For me, he was a model of listening, and a reminder that all people, big and small, from all walks of life, have stories worth telling and worth hearing.
In high school, one of my fonder memories was being in a production based on the musical Working, which contained many of the interviews from Terkel's work, as well as others, presented as monologues or set to music. Together, they wove a tapestry that expressed the variety that was and is America. (I played Joe, the retired guy.) The opening number borrowed from Walt Whitman..."I hear...America singing/I hear.../The varied carols, I hear...America singing." [I remember how excited Mary, our pianist was, when I finally came in on key.]
There were and are other great lines in various numbers, great because they were born from the truth of real interviews with real people.
"Millwork ain't easy/millwork ain't hard/millwork is most often times...a god-damn awful boring job."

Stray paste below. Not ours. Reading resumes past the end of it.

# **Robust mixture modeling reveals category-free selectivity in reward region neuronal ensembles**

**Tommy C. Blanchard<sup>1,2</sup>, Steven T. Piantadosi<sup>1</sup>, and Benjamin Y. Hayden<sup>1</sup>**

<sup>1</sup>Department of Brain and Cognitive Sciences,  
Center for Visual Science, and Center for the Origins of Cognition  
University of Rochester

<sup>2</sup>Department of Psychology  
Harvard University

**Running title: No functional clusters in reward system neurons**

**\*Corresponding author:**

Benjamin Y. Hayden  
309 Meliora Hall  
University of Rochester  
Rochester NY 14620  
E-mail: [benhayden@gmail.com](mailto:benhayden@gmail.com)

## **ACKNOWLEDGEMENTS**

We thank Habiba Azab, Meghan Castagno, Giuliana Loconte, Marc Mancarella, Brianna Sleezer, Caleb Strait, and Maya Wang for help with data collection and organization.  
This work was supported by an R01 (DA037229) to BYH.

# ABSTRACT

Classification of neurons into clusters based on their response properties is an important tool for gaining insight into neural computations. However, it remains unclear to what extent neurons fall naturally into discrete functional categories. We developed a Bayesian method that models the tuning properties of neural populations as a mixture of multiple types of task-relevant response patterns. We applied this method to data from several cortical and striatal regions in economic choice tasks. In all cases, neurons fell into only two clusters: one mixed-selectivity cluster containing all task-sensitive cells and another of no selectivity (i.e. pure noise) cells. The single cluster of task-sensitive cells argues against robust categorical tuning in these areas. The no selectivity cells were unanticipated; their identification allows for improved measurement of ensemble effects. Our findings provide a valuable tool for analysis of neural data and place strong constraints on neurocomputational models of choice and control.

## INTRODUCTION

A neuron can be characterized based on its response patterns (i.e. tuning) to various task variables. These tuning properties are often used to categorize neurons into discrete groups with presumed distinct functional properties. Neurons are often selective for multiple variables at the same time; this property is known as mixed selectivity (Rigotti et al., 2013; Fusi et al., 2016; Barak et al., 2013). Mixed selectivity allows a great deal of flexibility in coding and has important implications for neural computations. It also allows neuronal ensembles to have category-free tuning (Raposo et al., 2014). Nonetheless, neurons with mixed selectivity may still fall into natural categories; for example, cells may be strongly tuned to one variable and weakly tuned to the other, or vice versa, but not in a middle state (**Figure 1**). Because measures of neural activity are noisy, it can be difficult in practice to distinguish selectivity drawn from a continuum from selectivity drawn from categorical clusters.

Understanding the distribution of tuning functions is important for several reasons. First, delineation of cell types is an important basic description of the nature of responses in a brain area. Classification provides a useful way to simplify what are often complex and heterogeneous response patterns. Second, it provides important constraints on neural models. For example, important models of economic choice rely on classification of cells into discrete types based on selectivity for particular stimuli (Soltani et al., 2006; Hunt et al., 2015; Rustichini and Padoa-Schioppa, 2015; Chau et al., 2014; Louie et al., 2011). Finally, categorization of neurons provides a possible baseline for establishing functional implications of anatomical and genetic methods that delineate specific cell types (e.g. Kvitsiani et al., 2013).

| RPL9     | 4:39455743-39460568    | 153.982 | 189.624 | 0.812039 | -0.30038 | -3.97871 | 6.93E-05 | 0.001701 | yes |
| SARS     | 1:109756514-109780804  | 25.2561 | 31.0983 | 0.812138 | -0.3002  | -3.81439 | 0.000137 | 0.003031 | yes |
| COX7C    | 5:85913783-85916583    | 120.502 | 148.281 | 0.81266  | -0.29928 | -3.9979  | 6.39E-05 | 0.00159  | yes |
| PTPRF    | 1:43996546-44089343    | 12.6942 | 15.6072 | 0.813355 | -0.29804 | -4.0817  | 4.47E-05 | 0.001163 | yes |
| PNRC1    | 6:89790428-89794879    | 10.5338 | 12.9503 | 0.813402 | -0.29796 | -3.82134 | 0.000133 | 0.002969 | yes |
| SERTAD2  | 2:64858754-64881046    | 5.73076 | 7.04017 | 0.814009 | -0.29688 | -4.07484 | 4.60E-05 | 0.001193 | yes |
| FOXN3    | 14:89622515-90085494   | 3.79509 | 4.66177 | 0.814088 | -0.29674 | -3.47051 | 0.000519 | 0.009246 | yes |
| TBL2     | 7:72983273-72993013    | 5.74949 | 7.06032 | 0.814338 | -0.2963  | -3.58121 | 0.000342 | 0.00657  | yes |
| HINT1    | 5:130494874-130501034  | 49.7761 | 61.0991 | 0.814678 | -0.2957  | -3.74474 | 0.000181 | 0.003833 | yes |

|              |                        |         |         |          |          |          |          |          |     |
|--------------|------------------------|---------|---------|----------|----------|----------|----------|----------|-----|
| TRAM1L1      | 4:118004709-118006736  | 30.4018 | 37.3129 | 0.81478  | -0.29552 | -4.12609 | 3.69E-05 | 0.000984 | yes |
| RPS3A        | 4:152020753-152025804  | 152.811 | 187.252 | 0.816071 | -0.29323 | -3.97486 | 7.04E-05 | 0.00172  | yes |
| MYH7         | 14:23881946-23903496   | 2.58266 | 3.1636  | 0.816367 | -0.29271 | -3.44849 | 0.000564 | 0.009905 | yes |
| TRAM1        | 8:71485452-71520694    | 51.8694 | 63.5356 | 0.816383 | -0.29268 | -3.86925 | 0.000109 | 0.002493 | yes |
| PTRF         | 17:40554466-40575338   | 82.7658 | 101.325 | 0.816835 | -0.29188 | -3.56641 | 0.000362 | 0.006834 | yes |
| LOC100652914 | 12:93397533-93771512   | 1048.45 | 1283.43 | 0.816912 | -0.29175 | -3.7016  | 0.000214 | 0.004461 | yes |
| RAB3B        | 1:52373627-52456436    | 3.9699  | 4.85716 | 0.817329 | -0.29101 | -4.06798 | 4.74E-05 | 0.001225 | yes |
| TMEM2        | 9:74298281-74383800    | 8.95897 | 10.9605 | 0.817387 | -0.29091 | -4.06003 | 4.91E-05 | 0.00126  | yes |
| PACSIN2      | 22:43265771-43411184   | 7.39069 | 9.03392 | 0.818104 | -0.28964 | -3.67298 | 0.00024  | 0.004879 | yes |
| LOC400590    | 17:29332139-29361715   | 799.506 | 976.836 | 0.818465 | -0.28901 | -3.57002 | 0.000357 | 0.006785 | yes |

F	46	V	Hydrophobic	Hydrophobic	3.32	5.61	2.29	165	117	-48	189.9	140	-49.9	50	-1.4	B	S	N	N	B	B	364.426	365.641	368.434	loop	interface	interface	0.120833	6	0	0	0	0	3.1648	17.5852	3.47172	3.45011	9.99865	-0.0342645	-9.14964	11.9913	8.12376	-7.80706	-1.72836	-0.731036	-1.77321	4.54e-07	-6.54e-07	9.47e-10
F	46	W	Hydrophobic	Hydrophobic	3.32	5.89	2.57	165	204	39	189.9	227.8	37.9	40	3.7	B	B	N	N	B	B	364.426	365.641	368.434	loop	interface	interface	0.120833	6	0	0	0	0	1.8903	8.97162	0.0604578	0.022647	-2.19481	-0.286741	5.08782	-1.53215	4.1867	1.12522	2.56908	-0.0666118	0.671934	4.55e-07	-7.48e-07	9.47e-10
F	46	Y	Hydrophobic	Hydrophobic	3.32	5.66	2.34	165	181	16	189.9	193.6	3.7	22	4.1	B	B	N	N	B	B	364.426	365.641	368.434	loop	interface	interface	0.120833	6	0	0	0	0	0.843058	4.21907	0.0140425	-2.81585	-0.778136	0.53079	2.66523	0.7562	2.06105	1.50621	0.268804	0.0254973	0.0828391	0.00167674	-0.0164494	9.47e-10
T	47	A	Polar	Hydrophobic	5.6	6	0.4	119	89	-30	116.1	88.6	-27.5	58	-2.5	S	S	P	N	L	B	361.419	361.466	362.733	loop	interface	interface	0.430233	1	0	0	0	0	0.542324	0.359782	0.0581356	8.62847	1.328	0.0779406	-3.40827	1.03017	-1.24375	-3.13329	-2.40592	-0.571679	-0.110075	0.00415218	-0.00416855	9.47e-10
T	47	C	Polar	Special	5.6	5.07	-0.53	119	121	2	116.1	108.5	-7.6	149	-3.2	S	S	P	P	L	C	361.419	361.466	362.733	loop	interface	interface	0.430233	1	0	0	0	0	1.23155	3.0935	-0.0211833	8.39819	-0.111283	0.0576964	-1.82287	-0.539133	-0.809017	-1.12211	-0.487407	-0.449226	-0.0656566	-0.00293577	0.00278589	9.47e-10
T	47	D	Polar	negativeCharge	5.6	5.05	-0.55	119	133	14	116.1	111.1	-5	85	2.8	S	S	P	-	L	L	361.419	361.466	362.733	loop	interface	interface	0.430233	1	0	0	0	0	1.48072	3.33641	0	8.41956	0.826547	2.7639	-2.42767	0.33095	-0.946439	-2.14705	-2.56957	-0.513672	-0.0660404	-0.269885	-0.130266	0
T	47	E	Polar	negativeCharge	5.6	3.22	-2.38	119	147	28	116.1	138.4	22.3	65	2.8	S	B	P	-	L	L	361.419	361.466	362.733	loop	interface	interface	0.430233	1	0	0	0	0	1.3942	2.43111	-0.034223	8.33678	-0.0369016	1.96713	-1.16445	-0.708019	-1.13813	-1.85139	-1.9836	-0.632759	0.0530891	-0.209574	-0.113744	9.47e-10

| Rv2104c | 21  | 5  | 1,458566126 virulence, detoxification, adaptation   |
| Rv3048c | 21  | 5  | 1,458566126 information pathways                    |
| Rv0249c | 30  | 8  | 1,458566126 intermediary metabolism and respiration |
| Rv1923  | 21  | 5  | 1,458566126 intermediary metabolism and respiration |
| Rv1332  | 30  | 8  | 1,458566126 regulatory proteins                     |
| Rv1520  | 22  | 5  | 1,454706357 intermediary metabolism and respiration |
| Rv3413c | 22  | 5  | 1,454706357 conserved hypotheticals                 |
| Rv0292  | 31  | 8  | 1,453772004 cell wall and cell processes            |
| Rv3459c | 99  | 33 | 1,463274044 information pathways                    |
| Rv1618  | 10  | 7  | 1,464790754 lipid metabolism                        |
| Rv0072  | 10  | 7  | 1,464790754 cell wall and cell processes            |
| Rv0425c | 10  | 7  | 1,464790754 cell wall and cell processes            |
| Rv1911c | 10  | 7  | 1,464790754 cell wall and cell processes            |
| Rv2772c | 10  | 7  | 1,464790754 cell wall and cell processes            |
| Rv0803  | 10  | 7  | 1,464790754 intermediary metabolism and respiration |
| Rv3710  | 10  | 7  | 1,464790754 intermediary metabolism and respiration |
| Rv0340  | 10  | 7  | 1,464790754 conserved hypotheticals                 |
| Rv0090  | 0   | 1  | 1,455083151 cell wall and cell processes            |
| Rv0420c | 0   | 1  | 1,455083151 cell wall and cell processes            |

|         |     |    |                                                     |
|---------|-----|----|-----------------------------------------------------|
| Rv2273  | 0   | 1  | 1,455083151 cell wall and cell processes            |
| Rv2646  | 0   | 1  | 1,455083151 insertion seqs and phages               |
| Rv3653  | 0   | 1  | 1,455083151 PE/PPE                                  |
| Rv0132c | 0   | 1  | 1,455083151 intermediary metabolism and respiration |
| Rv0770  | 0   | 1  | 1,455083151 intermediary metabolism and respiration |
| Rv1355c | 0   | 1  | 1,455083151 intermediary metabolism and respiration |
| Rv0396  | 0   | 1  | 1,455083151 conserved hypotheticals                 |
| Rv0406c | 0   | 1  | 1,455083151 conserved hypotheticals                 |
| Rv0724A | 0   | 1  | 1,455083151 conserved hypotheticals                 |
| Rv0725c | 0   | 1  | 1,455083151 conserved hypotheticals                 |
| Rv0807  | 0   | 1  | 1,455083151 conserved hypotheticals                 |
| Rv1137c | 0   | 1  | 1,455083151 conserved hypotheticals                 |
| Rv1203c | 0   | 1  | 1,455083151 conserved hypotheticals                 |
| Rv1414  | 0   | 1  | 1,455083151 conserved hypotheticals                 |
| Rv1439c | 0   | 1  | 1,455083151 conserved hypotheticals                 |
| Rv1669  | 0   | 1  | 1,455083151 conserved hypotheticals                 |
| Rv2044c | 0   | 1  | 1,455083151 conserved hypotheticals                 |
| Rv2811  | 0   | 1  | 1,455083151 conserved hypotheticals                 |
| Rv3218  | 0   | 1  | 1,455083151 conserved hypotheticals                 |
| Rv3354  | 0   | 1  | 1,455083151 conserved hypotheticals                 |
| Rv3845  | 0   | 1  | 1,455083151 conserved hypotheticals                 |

"It's an art, it's an art to be a fine waitress, each evening I treasure the test..."
"Un mejor dia vendra/cuando dios de los pobres, un lugar dara"
"All I am is someone's mother/All I am is someone's wife/All of which seems/Unimportant/All it is is just my life."
"If I could've done what I could've done
I could've done big things
With some luck to do what I wanted to.
I would've done big things
Swam a few rivers,
Climbed a few hills,
Paid all my bills..."
There were some of the acting persuasion who, I'm pretty sure didn't like Working as a show because it had no signature show stopper and hence wasn't really a star (nor a star making) piece. But every piece was strong, and real, and poignant, because every piece was grounded in listening and letting the words of real people convey the human drama better than some scripted sentiment.
Studs Terkel was 96. He will be missed.